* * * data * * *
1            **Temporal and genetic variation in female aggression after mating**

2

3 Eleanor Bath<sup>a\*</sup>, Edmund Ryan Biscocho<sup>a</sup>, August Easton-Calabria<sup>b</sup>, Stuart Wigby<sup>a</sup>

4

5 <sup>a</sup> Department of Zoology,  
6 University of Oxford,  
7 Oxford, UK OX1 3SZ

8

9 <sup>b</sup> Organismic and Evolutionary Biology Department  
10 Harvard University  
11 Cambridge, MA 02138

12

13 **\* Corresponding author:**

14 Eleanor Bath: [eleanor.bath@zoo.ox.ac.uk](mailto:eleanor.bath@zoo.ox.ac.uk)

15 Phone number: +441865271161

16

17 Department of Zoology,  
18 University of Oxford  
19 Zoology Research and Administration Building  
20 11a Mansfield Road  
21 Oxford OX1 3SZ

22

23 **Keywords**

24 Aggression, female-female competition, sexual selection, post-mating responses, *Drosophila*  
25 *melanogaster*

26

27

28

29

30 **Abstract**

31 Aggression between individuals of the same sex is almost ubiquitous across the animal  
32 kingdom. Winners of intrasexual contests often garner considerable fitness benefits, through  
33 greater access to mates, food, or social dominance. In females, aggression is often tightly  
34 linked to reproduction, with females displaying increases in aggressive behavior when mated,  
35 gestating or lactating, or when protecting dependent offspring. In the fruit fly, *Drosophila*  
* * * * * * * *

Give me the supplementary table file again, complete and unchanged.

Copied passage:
1            **Temporal and genetic variation in female aggression after mating**

2

3 Eleanor Bath<sup>a\*</sup>, Edmund Ryan Biscocho<sup>a</sup>, August Easton-Calabria<sup>b</sup>, Stuart Wigby<sup>a</sup>

4

5 <sup>a</sup> Department of Zoology,  
6 University of Oxford,  
7 Oxford, UK OX1 3SZ

8

9 <sup>b</sup> Organismic and Evolutionary Biology Department  
10 Harvard University  
11 Cambridge, MA 02138

12

13 **\* Corresponding author:**

14 Eleanor Bath: [eleanor.bath@zoo.ox.ac.uk](mailto:eleanor.bath@zoo.ox.ac.uk)

15 Phone number: +441865271161

16

17 Department of Zoology,  
18 University of Oxford  
19 Zoology Research and Administration Building  
20 11a Mansfield Road  
21 Oxford OX1 3SZ

22

23 **Keywords**

24 Aggression, female-female competition, sexual selection, post-mating responses, *Drosophila*  
25 *melanogaster*

26

27

28

29

30 **Abstract**

31 Aggression between individuals of the same sex is almost ubiquitous across the animal  
32 kingdom. Winners of intrasexual contests often garner considerable fitness benefits, through  
33 greater access to mates, food, or social dominance. In females, aggression is often tightly  
34 linked to reproduction, with females displaying increases in aggressive behavior when mated,  
35 gestating or lactating, or when protecting dependent offspring. In the fruit fly, *Drosophila*  